Jump to the '90s, and DHCP was developed, bringing many quality-of-life improvements, including dynamically assigning network addresses, nonpermanent address leases, and the ability to reclaim expired address leases. It also removed the need to maintain MAC address listings on the server. In fact, DHCP was so awesome that it really hasn't drastically changed since it was first developed.

What are DHCP lease times?

The DHCP lease time is the mechanism that allows DHCP servers to reclaim IP addresses, preventing a host from permanently retaining an IP address. When a DHCP server sends an IP address to a device, it also sends a lease time. The lease time is the amount of time before the DHCP server reclaims an IP address. Once an IP address is reclaimed, it can be reassigned to another host. 

What happens if a DHCP lease expires?

When a DHCP lease expires, the DHCP server reclaims the IP address assigned to the device. To combat the lease expiration, the device must then request a lease renewal to continue using the same IP address. If the lease renewal is unsuccessful, or if the device doesn't communicate with the DHCP server, the IP address becomes available for assignment to another device on the network.

Why is DHCP lease time important?

DHCP lease time determines how long an IP address is allocated to a device on a network. It's crucial for optimizing IP address utilization and managing network resources. A well-balanced lease time prevents addresses from being tied up unnecessarily, ensures efficient IP address allocation, and helps maintain a healthy network environment.

Can I change DHCP lease times for different devices on the same network?

Yes, you can set different DHCP lease times based on the needs of different devices or user groups within your network. For instance, you might assign longer lease times to desktop computers that remain connected, while assigning shorter lease times to mobile devices that frequently connect and disconnect. Customizing lease times helps optimize IP address allocation for various usage patterns.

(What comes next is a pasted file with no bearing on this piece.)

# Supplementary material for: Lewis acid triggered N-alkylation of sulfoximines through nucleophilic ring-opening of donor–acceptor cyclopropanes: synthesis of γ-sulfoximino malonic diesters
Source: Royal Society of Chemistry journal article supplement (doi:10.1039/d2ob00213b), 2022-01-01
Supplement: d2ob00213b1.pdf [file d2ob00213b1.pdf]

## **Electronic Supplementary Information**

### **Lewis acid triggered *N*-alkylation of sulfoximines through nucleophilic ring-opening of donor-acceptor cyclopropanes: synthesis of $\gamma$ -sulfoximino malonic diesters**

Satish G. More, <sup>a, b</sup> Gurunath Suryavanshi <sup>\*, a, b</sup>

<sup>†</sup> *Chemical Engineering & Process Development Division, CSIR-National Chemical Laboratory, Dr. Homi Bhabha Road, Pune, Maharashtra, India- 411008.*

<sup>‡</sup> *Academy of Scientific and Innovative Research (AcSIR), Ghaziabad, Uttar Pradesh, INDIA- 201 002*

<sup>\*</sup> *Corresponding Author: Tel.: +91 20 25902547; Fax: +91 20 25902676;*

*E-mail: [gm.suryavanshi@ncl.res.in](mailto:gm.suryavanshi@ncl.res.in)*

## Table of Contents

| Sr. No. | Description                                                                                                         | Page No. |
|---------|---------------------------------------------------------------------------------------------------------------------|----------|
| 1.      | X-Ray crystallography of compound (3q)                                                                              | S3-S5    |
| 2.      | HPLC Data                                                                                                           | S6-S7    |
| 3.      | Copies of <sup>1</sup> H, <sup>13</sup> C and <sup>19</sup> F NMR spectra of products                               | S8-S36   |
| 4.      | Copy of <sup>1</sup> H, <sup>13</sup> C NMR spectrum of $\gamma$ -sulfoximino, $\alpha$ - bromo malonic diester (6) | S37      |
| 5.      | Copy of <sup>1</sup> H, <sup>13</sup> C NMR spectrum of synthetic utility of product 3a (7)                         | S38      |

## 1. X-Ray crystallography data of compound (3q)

Is there a DHCP best practice to follow in terms of lease duration?

Yes, there’s one DHCP best practice I recommend following in terms of lease duration. I suggest lengthening the lease time for nonmobile fleets and shortening the lease time if your environment is largely mobile, hosted on a publicly accessible network, or contains a limited range of IP addresses. A longer lease time on nonmobile devices reduces unnecessary DHCP network traffic. A shorter lease time for the scenarios described above helps free IP addresses for other devices to use. 

What happens if two devices attempt to use the same IP address? 

When two devices try to use the same IP address, we run into an issue called IP address conflict. An IP address conflict usually results in one (or both) devices being unable to connect to the network. It’s like witnessing two siblings fight over the same ice cream cone. They play tug-of-war with it only to drop it in the end, with neither sibling getting the cone. 

Changing your DHCP lease time is very straightforward. However, finding the best lease time for your network may take more work. Play around with your lease schedule until you find what works best for your organization, and while you're adjusting these settings, keep an eye on your available IP addresses for each subnet. It's always best to keep a healthy amount of IP addresses available if possible.

And while you’re looking for ways to optimize your environment, take advantage of a free 14-day trial of PDQ. Our tools give you insight into your environment and next-level control of your patch management and software deployment processes

Brock Bingham candid headshot
Brock Bingham

Born in the '80s and raised by his NES, Brock quickly fell in love with everything tech. With over 15 years of IT experience, Brock now enjoys the life of luxury as a renowned tech blogger and receiver of many Dundie Awards. In his free time, Brock enjoys adventuring with his wife, kids, and dogs, while dreaming of retirement.